Picture of author.

Tao Lin

Forfatter af Eeeee Eee Eeee

28+ Works 1,833 Members 72 Reviews 7 Favorited

Værker af Tao Lin

Eeeee Eee Eeee (2007) 420 eksemplarer
Taipei (2013) 374 eksemplarer
Shoplifting from American Apparel (2009) 288 eksemplarer
Bed (2007) 220 eksemplarer
Richard Yates (1900) 154 eksemplarer
Selected Tweets (2015) 12 eksemplarer
Hikikomori 4 eksemplarer

Associated Works

The Apocalypse Reader (2007) — Bidragyder — 195 eksemplarer
Granta 127: Japan (2014) — Bidragyder — 125 eksemplarer
Granta 156: Interiors (2021) — Bidragyder — 34 eksemplarer

Satte nøgleord på

Almen Viden



This is the first book I’ve read by someone who I’ve come to realize is a very polarizing writer. I’ve always been a fan of so-called “auto-fiction” for its ability to draw attention to and build consciousness of the minutia of daily life that most people wouldn’t think worthy of including in a work of art. The fact is that these minutia constitute the vast majority most of our lives, and reading this kind of book can build a facility for attention and focus, causing us to see something we might otherwise consider as mundane as a fleeting moment of a life that we will never get back.
Lin’s style doesn’t seem to be aiming towards this. In interviews he has said he views his work as a kind of therapy, which fits in well with his avatar’s obsession with “recovery” from his various neurosises, health problems, and addictions. As such, this book is mostly free of the pretensions to literary style that other autofictionists like Knausgaard, Teju Cole, or Sebald might include. Instead we are given actual transcriptions of secret recordings made by the narrator Li of the people around him, full of the small idiosyncrasies, misspeaking, and awkwardness swirling around us in the conversations we have everyday. The fact that we are reading them in a book highlights all these feelings, often pushing Lin’s writing into a kind of cringey uncanny.
I’ve seen some other reviewers react viscerally to Li as a character, grafting their hatred for him and his annoying preoccupations onto how they feel about the book. Li is most certainly annoying. I spent most of the book wondering how ironically it was all meant to be taken. Was I supposed to take all the New Age mumbo jumbo at face value? Or was I supposed to see I no thru it? Only after finishing the book and listening to an interview with Lin did I figure out that no, he’s actually serious, and that later claims that Lin has made about curing his autism with holistic medicine and liking Trump for his anti vaxx stance was totally real. I don’t particularly object to these beliefs- I like my artists eccentric and don’t mind if they don’t conform to what I might say about a given topic. But some of the stuff Li blathers on about in this book are really silly, and it seems like Lin actually wasn’t in on the joke like I was initially inclined to think he was.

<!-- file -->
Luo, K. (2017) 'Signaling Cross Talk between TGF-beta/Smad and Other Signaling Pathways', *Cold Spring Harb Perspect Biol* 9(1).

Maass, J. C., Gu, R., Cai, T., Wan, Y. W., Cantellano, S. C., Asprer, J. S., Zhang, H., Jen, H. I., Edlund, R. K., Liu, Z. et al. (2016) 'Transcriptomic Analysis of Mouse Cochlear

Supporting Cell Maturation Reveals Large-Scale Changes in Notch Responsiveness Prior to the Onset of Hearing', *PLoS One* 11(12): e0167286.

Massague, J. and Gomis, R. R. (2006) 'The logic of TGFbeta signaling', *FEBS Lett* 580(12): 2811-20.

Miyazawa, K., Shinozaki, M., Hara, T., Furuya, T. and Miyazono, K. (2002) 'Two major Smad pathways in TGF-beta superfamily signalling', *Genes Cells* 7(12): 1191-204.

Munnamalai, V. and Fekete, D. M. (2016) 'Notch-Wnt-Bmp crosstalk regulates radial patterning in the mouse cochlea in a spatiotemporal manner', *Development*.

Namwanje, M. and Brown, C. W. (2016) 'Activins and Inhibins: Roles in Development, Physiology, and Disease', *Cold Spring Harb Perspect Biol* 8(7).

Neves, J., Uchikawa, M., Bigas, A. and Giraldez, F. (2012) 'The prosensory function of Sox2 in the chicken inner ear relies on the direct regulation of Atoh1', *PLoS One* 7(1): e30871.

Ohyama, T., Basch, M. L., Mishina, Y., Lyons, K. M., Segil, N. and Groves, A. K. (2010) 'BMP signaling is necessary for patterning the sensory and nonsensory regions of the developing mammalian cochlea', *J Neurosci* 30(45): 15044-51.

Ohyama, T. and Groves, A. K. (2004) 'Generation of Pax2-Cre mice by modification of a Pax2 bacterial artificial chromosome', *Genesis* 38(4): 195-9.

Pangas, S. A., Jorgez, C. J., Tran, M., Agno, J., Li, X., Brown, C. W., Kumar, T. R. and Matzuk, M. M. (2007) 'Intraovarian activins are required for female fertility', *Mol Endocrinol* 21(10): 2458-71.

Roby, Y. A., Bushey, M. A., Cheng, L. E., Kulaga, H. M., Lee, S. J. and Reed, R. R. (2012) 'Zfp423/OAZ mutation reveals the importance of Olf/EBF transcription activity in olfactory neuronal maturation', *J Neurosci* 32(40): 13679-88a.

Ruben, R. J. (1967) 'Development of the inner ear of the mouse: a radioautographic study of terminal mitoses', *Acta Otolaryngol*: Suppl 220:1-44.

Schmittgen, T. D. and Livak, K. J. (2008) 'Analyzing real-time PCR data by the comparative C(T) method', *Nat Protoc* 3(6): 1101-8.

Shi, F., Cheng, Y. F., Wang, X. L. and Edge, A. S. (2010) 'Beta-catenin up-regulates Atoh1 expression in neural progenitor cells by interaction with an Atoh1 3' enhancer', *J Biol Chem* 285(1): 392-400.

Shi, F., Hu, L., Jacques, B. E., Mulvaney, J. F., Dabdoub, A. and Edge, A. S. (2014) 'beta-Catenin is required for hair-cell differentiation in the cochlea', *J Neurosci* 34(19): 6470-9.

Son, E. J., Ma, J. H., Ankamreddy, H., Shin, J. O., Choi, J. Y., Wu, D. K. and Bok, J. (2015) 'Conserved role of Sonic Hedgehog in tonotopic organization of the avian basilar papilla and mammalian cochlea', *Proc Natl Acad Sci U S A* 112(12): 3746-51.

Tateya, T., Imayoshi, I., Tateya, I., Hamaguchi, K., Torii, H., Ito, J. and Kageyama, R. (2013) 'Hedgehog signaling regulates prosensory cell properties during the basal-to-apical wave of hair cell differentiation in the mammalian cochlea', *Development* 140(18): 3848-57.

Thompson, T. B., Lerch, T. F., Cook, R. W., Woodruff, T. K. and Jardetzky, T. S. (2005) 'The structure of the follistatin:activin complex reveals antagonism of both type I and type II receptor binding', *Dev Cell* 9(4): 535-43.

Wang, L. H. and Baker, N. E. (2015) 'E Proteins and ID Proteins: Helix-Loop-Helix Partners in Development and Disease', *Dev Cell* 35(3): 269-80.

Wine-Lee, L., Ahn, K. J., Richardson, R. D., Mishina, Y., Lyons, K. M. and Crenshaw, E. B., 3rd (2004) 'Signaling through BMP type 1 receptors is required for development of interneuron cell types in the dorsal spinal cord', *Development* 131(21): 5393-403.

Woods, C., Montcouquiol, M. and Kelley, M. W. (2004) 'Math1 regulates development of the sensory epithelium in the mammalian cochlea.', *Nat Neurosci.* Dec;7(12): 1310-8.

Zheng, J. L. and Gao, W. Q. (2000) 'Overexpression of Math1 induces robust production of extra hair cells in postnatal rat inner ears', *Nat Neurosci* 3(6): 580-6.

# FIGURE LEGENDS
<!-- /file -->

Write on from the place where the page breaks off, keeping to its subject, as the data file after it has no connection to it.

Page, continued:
Speaking of autism, I sort of started to feel like that was an unspoken theme of the book halfway thru, and was vindicated when in the latter parts it becomes a major preoccupation for Li. For those who feel like hating on this book, think about the fact that this is probably the first “openly” autistic artist with wide reach the world has ever seen, and I dig the fact that Lin is repping his neurodivergent tendencies.
This book goes into a category of art that I really love: interesting works that I’m not sure if I actually like or not. Reading it I was reminded of another Taiwan related artist, the director Tsai Ming Liang, whose difficult, excruciatingly slow movies are hard to “enjoy” in the way one typically does with a good film. However, I often find myself ruminating upon his movies much longer than other films that I “like” more - sometimes even months after the fact. Like Tsai, Lin’s work doesn’t play into what is “entertaining” or particularly palatable - but he does deserve plaudits for using art in maybe its most interesting way: a tool for intellectual experimentation and alchemy. Seen in this way, even his failures are worth it.
… (mere)
hdeanfreemanjr | 2 andre anmeldelser | Jan 29, 2024 |
Ernest Hemingway was known for using short simple sentences to create strong powerful pieces of fiction. This novel is full short very simple sentences. Unfortunately it reads like something a 12 year old might have written.
1 stem
kevinkevbo | 17 andre anmeldelser | Jul 14, 2023 |
"Grumpy And Bad." A kind of self-involvement from which it may not be possible to recover.

In the earlier Taipei, Tao Lin approaches the height of mortification - dispensing with Kafka's cheap metaphors - leaving just a sliver of noumenal implied space (internal turmoil). Here he attempts to go further, become more "meta", more "autobio", but he tips his hand too far. (That this work suggests a fundamental misapprehension of how the prior novel works makes me doubt even this assessment - requires re-evaluation)

I suspect a major difference between this and the previous novel is that the conversations appear to be literally recorded and transcribed and/or dictated shortly afterward, producing (by his own admission) a superabundance of notes for him to Sift and Sort. Earlier work appears to be reconstructed from a series of Blogspot posts, which seems to suit him better...

Notably very (very)_ heavy on so-called New Age theories (not surprising based on his recent Goodreads updates). Despite, or perhaps because of this, the work remains jarringly ego/anthropo-centric, and in a bad way. I'm reminded of those horrible "Ancient Aliens" television programs, which, purporting to question conventional wisdom, actually falls back on top of it, weaving yet another layer of falsehood out of whole cloth. The architectural accomplishments of old "Civilizations" (overwhelmingly non-"white"/european) are doubted a priori to the extent that aliens are dreamed up more plausible.